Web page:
Anti-hyperglycemic and ameliorative effect of concentrated hot water-infusion of Phragmanthera incana leaves on type 2 diabetes and indices of complications in diabetic rats

  • Olakunle Sanni
  • Ochuko L. Erukainure
  • Olajumoke Oyebode
  • Md. Shahidul IslamEmail author
Research article



This study investigated the anti-hyperglycemic effects of concentrated hot water infusion of Phragmanthra incana leaves as well as its ameliorative effect on indices related to diabetic complications in a type 2 diabetes model of rats.


Type 2 diabetes was induced by feeding 10% fructose solution ad libitum for two weeks followed by an intraperitoneal injection of streptozotocin (40 mg/kg body weight (b.w.)). Concentrated plant infusion was administered orally at a dose of 150 and 300 mg/kg b.w. to two type 2 diabetes rat groups. Diabetic rats without treatment served as a negative control while the group administered with metformin was served as a positive control. The intervention lasted for 4 weeks when a single oral dose was given daily for 5 days a week. Body weight and blood glucose were determined every week. An oral glucose tolerance test was performed in the last week of treatment. The rats were sacrificed after 4 weeks of intervention, and the blood and organs were harvested for further analysis.


Both dosages of the plant infusion significantly improved body weight, pancreatic β-cell function (HOMA-β), insulin secretion and reduced blood glucose, insulin resistance (HOMA-IR) with concomitant reduction in the elevated level of serum α-amylase activity, fructosamine, uric acid, urea, and liver function enzymes. The liver glycogen content was significantly improved while the activity of liver glucose-6-phosphatase was significantly reduced.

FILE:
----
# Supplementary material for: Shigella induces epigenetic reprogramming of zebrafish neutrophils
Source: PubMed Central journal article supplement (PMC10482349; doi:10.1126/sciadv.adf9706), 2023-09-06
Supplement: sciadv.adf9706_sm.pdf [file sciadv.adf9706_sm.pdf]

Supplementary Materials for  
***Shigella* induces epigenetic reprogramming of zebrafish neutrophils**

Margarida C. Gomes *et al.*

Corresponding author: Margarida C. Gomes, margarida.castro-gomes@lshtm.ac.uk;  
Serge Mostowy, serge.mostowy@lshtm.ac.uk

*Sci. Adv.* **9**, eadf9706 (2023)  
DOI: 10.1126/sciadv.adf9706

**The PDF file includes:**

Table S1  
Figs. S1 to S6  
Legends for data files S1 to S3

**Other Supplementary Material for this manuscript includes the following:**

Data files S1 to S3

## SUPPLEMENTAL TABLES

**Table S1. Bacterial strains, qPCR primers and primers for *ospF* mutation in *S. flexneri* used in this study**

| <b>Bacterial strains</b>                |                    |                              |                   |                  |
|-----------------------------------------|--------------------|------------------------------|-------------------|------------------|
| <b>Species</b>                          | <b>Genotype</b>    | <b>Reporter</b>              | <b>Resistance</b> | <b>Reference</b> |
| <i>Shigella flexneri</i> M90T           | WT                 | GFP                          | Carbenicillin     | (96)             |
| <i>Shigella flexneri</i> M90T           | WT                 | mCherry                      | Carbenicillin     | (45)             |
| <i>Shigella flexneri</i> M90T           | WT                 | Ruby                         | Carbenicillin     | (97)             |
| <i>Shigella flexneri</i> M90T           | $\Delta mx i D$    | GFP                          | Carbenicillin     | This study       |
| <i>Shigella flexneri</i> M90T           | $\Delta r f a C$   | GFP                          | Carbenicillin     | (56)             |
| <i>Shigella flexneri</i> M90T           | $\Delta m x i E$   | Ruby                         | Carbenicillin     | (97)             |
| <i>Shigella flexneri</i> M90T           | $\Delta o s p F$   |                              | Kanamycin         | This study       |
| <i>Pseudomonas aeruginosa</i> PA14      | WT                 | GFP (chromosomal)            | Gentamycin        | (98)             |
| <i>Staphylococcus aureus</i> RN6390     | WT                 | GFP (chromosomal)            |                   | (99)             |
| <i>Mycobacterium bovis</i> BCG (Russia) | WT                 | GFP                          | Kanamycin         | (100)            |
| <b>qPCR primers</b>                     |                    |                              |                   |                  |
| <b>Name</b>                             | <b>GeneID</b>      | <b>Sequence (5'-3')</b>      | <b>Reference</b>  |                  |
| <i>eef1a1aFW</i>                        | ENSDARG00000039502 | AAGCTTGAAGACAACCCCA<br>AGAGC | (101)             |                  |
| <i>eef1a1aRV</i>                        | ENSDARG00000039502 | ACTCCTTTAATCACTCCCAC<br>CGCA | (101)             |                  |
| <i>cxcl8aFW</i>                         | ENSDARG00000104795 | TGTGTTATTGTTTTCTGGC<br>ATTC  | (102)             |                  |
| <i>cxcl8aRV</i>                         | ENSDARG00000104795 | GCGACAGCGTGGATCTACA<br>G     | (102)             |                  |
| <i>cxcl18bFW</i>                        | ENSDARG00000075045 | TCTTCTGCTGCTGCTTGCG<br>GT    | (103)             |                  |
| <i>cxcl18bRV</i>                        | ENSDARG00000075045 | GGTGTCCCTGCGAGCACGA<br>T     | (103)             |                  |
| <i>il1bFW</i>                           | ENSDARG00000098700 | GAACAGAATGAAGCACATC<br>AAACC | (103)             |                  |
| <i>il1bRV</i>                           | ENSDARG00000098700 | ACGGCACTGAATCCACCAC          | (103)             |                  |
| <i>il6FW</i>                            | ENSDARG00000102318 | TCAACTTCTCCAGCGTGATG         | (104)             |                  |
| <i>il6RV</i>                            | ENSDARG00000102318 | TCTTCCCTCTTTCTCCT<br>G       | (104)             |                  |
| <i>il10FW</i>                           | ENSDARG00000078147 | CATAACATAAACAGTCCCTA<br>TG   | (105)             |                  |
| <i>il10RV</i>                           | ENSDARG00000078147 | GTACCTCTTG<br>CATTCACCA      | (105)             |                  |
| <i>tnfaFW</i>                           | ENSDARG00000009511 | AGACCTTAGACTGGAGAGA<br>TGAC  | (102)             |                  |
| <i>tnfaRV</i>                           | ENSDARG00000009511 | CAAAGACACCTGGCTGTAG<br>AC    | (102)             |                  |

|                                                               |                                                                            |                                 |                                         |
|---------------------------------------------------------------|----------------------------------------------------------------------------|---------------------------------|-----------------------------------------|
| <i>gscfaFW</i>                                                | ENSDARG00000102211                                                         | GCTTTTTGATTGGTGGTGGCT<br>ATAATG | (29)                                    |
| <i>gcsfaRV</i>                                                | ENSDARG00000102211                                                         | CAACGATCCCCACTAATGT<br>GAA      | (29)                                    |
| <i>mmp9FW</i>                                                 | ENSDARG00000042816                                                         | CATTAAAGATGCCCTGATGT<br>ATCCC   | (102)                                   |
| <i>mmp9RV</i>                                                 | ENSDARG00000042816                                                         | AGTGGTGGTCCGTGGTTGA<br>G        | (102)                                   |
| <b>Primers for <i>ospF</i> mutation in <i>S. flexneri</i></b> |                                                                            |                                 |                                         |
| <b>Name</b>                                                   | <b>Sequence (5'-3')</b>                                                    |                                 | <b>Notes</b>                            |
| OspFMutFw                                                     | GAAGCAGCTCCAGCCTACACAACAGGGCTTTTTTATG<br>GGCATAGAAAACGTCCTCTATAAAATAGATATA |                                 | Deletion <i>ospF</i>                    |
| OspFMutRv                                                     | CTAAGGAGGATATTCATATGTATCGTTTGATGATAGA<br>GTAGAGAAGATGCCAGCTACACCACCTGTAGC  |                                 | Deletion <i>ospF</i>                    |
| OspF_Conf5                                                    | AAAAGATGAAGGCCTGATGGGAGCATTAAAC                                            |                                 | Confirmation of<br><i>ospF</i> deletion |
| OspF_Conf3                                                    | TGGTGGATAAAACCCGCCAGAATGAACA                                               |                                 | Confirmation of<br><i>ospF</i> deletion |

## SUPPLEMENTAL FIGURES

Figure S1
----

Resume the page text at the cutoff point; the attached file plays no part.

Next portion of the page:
The results demonstrate the anti-hyperglycemic ability of P. incana and its ability to delay the onset of diabetic complications which can be exploited for the anti-diabetic drug discovery.


Phragmanthra incana Antihyperglycemic Type 2 diabetes Glucose homeostasis 



This study was supported by a Competitive Research Grant from the Research Office of the University of KwaZulu-Nata, Durban; and Grant Support for Women and Young Researchers from the National Research Foundation (NRF), Pretoria, South Africa. First author received a Doctoral study scholarship from NRF as well.

Compliance with ethical standards

This study was conducted according to the rules and regulations of the Animal Research Ethics Committee of the University of KwaZulu-Natal, Durban, South Africa.

Conflict of interest

The authors declared that they have no conflict of interest.


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Copyright information

© Springer Nature Switzerland AG 2019

Authors and Affiliations

  1. 1.Department of Biochemistry, School of Life SciencesUniversity of Kwazulu-Natal (Westville Campus)DurbanSouth Africa
  2. 2.Nutrition and Toxicology DivisionFederal Institute of Industrial ResearchLagosNigeria
  3. 3.Department of PharmacologyUniversity of the Free StateBloemfonteinSouth Africa

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